Over the years men and women would agree to serve on the boards of public-traded corporations without giving it a second thought. But the job of a director in today’s climate has become decidedly less appealing for a number of reasons. The activities of directors are now being carefully scrutinized. Both the federal government and investors are paying more attention to directors’ involvement in corporate decision-making. Before the current economic crisis, investors weren’t as concerned about directors’ involvement in corporate wrongdoing. But, they are now looking inside corporate boardrooms. They are demanding answers on why certain decisions were made or why more scrutiny and monitoring of corporate activities surrounding those decisions and the aftermath didn’t happen. Many times directors have routinely approved what high-ranking officers or an executive committee of board members recommended.
The Sarbanes-Oxley Act of 2002 raised the standards for corporate governance and financial accountability at domestic public companies. That, in combination with the economic crisis, has put even more pressure on board members to account for their performance. Director liability for corporate malfeasance has become a major concern and rightfully so. It’s being predicted by a number of legal experts that an increase in class-action lawsuits against companies and, in some cases, individual directors, is very likely because of the economic meltdown and terrific investor losses. As a result of the liability exposure for corporate directors, many persons will elect to get off the boards. Another factor will be the influence the government will have — if any — in choosing new directors at companies such as Citigroup that have received bailout funds. It’s always been my belief that a person should not serve on the board of directors of a large corporation when he or she is not involved in the day-to-day operations of the company. That belief is much stronger today!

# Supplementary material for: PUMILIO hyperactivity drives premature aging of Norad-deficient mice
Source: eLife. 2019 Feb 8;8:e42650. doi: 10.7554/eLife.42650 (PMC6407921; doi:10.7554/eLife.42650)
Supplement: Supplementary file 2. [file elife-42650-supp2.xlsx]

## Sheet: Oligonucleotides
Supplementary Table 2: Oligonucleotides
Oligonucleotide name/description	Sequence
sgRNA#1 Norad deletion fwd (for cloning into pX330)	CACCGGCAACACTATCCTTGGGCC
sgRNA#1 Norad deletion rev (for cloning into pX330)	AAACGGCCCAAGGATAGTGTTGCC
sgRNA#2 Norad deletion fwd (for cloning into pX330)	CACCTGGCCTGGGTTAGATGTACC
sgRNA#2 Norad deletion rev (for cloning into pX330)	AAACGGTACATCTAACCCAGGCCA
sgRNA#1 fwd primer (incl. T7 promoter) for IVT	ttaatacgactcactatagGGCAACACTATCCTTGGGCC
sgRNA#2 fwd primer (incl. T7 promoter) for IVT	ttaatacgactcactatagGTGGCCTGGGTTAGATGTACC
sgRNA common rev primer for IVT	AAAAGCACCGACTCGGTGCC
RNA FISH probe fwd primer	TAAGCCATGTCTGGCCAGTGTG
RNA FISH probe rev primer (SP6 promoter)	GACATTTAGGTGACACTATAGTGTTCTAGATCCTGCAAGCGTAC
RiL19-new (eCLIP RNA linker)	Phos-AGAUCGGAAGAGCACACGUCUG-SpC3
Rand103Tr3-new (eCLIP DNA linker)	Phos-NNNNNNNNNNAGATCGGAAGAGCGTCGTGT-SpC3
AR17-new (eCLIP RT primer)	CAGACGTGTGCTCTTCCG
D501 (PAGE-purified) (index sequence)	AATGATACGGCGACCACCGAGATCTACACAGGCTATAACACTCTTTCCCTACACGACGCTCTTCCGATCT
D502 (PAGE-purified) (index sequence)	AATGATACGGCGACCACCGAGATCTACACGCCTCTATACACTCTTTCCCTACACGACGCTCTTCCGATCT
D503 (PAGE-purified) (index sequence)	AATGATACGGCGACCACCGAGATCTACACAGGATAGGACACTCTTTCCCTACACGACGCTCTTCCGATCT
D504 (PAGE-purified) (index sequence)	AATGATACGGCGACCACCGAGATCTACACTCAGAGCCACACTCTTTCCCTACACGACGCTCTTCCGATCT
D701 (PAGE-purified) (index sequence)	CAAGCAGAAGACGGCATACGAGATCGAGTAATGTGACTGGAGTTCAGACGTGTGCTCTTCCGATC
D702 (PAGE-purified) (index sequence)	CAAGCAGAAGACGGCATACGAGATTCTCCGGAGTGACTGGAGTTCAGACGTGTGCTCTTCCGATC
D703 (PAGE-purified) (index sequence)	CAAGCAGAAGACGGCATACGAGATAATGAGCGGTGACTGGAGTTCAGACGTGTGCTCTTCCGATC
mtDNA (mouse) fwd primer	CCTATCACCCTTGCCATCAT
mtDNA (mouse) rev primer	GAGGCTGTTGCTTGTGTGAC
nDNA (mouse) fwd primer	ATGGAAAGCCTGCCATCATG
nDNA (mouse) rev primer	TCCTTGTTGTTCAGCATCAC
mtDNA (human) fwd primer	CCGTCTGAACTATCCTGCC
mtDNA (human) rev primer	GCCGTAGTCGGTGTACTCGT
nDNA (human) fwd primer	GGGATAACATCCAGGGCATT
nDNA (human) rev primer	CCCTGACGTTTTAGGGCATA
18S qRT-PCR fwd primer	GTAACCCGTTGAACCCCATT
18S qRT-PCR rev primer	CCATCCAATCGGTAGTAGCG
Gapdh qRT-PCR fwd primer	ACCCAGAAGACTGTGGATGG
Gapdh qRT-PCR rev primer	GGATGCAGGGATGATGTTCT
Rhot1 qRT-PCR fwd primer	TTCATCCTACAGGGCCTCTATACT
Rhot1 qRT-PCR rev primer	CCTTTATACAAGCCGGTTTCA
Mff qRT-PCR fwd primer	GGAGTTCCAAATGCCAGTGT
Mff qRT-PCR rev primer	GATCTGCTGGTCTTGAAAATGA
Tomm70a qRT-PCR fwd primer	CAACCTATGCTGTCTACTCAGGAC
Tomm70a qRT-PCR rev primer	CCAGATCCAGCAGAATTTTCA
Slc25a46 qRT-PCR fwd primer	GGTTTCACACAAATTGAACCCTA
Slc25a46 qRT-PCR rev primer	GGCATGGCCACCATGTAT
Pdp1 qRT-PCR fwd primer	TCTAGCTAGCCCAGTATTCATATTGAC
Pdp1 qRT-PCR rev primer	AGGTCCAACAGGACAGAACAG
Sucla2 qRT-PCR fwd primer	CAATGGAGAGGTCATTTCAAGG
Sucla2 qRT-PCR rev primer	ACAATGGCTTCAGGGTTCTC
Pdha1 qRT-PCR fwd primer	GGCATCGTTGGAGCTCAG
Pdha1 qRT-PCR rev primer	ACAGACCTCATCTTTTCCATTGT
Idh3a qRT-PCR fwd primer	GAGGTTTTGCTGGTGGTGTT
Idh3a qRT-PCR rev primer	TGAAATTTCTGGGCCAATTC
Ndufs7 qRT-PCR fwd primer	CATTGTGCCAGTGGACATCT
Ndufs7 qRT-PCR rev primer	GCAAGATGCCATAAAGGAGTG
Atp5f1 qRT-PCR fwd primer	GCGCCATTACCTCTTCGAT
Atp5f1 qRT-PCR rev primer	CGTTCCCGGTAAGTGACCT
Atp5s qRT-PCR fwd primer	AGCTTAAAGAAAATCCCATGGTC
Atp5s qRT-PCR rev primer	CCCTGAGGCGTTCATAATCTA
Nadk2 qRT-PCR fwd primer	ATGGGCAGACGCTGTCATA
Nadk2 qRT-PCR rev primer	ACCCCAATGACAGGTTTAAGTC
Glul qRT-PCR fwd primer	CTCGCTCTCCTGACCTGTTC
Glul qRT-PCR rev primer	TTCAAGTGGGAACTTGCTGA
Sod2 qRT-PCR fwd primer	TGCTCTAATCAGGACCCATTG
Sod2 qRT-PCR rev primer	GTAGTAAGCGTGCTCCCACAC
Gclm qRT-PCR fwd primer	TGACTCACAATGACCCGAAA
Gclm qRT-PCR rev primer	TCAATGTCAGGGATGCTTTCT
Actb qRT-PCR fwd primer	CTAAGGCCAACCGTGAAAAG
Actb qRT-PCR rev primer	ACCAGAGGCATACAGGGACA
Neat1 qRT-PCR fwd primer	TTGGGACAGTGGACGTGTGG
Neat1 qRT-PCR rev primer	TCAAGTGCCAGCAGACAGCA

Source: Insurance Journal and Reuters
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